Bible Scholars Skeptical of 1st Century Gospel Fragment 'Discovery'

An exciting discovery was reported last week of what is believed to be the earliest New Testament artifact ever unearthed - first-century A.D. fragments from the Gospel of Mark, but a number of professors and researchers have since warned that the findings may not be what they seem.

Dallas Theological Seminary professor Daniel B. Wallace said earlier this month that the newly discovered fragments might have been from the time of eyewitnesses of Jesus' resurrection. Previously, the oldest manuscript that had Mark in it was Papyrus 45 (P45), from the early third century (c. AD 200–250.)

Wallace announced his findings at UNC Chapel Hill on Feb. 1, 2012, during a debate in front of 1,000 people, where he revealed that seven New Testament papyri had recently been discovered – six of them he said were probably from the second century, and one of them, the Gospel of Mark, probably from the first.

"It was dated by one of the world's leading paleographers," Wallace later wrote on his UNC webpage, although he did not name the expert in question. "He said he was 'certain' that it was from the first century," the professor added. The records will be published next year.

However, a number of professors have shared with The Christian Post that although such a fragment would be an incredible discovery if it were in fact the artifact is authentic, there are many questions that still need answering.

"I am skeptical about the discovery as described. First, there is the question [of] whether it is a genuinely ancient fragment. Many supposedly ancient artifacts that come on the market without a valid archaeological context may be forgeries," said Adela Collins, a Buckingham Professor of New Testament Criticism and Interpretation at Yale Divinity School. 

"Second, there is the problem of dating, if it is indeed ancient. The article cites 'one of the world's leading paleographers.' Why isn't the person's name given? Third, I don't know of any reputable paleographer who would say that he or she is 'certain' about a date suggested by paleographical analysis," Collins added.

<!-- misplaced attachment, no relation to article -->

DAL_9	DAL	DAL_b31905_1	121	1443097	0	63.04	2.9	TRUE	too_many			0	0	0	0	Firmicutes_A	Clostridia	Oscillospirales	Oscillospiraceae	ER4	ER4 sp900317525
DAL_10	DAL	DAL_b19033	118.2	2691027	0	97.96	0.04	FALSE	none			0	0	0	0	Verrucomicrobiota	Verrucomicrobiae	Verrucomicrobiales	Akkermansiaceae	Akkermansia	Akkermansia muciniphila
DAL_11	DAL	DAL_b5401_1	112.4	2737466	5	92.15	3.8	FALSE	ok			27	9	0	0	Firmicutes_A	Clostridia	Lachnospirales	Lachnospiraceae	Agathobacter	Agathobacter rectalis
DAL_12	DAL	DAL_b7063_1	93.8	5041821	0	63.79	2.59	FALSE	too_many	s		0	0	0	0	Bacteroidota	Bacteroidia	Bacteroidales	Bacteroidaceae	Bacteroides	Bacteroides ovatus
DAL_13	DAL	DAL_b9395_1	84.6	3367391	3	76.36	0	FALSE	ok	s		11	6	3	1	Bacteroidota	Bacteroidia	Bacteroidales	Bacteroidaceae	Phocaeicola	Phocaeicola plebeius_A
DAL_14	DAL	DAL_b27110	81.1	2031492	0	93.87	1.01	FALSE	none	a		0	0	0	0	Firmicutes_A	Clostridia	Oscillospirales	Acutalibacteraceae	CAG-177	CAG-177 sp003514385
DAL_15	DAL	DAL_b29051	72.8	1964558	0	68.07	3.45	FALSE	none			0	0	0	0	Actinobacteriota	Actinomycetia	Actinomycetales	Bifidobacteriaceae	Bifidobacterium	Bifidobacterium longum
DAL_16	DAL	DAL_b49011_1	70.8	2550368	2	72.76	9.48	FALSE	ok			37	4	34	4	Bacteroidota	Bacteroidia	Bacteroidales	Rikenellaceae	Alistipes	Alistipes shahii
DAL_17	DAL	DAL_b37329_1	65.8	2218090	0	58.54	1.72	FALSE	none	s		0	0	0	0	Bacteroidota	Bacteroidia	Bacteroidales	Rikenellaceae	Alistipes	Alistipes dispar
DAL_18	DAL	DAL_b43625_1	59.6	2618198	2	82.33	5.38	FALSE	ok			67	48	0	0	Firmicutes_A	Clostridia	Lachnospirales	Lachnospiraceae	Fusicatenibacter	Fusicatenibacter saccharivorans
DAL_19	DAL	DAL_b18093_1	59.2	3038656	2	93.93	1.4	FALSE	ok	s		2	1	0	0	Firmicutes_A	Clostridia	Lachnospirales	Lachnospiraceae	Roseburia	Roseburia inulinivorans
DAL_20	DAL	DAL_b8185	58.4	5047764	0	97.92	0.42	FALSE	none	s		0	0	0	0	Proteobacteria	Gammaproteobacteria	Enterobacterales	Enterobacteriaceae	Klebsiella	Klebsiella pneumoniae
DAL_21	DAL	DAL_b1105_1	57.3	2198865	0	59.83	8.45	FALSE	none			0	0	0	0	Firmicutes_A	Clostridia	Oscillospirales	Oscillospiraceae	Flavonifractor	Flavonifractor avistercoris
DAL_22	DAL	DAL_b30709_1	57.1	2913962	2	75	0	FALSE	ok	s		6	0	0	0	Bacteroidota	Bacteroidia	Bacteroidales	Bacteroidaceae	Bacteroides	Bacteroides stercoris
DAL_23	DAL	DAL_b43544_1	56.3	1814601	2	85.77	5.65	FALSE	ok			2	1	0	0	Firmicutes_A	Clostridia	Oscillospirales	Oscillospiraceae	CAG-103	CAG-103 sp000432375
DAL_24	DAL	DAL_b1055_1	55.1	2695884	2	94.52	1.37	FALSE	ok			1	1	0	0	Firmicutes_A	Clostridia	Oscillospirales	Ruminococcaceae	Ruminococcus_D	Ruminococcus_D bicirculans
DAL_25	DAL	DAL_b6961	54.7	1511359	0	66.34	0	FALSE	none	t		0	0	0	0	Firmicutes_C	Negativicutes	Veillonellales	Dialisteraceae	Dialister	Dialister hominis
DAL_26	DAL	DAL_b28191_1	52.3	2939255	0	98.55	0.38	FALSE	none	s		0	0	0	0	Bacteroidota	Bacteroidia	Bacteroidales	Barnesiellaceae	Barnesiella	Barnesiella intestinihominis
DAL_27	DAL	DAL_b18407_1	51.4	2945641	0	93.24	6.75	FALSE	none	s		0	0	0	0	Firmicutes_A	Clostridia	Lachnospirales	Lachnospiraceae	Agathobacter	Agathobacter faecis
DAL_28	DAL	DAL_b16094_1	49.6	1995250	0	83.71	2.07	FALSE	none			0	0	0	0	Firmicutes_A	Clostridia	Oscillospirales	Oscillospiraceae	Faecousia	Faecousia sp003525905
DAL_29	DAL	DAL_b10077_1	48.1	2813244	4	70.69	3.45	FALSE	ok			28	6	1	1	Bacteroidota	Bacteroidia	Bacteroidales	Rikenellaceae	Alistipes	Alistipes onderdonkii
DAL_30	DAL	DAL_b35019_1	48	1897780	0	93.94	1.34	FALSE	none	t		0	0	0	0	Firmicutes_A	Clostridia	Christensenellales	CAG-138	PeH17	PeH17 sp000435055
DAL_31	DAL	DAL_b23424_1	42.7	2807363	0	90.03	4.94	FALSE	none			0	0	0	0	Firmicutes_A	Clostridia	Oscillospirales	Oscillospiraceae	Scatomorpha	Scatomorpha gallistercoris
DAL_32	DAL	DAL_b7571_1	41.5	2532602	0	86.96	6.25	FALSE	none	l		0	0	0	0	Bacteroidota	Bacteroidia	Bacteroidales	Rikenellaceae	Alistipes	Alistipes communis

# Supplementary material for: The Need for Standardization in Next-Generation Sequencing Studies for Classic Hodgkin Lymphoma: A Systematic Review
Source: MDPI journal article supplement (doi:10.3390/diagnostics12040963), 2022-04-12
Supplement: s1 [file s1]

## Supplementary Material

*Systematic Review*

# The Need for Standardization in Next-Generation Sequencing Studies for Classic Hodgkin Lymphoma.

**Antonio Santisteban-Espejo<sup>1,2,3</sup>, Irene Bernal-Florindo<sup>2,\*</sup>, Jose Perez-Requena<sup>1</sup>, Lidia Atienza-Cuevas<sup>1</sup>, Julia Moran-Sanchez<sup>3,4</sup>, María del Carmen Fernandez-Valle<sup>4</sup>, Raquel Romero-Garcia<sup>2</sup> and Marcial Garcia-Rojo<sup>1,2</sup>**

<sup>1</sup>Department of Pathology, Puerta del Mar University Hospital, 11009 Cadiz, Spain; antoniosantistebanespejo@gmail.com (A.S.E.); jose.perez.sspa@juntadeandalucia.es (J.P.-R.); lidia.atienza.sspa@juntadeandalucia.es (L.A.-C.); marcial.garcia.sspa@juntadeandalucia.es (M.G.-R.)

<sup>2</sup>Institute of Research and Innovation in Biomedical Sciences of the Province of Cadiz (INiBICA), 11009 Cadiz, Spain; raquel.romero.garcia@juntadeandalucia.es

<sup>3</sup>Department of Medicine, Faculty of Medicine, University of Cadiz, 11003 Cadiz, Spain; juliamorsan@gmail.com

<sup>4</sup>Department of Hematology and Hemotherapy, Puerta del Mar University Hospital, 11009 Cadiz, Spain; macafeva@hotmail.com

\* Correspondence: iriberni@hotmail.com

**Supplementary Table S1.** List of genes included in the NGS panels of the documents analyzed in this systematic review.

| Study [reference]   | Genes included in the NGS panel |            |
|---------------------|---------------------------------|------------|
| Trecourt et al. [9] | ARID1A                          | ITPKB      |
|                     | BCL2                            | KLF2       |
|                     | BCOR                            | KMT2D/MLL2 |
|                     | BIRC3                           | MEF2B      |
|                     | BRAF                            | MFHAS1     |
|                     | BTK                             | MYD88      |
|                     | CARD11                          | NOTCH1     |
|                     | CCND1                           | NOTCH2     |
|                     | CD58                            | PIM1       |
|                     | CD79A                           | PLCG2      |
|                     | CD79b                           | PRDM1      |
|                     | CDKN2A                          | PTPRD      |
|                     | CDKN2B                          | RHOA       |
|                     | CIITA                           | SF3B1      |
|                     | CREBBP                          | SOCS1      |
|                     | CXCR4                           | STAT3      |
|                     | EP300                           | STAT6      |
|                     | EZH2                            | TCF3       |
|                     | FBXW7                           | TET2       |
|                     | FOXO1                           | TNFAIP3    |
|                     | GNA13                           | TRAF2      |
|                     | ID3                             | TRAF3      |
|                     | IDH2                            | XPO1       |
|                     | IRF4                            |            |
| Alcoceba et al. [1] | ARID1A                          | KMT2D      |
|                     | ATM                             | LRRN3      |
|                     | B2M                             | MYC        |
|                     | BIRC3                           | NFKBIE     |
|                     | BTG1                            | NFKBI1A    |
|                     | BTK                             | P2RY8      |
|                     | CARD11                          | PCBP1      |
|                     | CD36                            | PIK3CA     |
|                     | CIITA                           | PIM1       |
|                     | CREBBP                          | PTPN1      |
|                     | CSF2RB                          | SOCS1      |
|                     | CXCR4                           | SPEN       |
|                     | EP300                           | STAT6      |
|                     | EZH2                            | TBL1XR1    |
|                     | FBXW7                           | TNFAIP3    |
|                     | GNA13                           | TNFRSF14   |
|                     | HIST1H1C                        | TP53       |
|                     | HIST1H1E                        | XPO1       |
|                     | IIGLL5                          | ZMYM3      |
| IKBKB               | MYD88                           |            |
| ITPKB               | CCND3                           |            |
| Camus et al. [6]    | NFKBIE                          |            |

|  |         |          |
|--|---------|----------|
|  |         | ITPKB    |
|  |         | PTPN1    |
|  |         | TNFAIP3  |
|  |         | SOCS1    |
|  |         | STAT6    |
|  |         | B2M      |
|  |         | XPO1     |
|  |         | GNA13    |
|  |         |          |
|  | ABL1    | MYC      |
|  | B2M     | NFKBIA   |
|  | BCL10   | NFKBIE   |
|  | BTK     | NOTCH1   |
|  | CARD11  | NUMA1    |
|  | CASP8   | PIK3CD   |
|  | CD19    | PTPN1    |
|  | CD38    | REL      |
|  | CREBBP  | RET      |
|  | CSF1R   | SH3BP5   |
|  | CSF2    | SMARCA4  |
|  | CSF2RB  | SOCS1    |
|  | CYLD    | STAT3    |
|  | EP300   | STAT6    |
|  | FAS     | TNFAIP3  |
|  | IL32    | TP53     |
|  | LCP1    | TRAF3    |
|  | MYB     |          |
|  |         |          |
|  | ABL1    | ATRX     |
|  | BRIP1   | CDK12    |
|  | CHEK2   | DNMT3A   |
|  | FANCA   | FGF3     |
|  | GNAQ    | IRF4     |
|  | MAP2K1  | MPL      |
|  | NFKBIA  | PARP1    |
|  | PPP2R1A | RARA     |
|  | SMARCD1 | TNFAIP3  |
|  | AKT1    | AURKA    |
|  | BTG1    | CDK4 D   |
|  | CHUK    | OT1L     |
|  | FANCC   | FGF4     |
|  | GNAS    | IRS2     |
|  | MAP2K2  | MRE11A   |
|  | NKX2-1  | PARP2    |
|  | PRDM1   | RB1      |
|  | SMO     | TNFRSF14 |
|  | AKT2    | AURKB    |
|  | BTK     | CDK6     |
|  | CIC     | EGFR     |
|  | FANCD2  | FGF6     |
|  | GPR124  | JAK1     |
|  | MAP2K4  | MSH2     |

Others have warned about the complexities that come with carbon dating.

"Since the final reports on this fragment are not yet in, it would be hard to speculate. I can say that carbon dating is only approximate, and that dating a manuscript to a particular century is somewhat difficult with that technology," Hal Taussig, a professor of New Testament at the Union Theological Seminary in New York, explained to CP.

"Generally there is a range of about a century. Indeed more conservative examiners often will not risk an estimate of under two centuries. So I would be somewhat surprised at a manuscript being dated so exactly," Taussig said.

"What is interesting about the summary is that there is no mention of an assessment of the writing style, the other major factor in dating. Perhaps more to the point than trying to guarantee a first-century dating is the overall discovery of the fragment itself. Even if it is in the second century, it is an important find," he continued, offering that even if the fragment is newer than Wallace's report suggests, it would still be of interest.

"From a historical perspective, a first-century manuscript would be incredibly exciting," agreed J. R. Daniel Kirk, Assistant Professor of New Testament at Fuller Theological Seminary. "Christianity depends on the telling of a first-century story, and a first-century manuscript would give us the sense of stepping closer to the source of the Christian faith." 

The Fuller professor suggested, however, that regardless of the Gospel of Mark fragments' dating, the discovery is unlikely to sway the opinions of believers or non-believers alike about the validity of the Bible.

"It is doubtful that many people's understandings of the reliability of the New Testament will be much influenced by this finding. People who believe that the Gospel is reliable will see this as further proof of the Bible's reliability. People who do not believe the texts we have are not likely to be persuaded by a new text that says the same thing," Kirk asserted.

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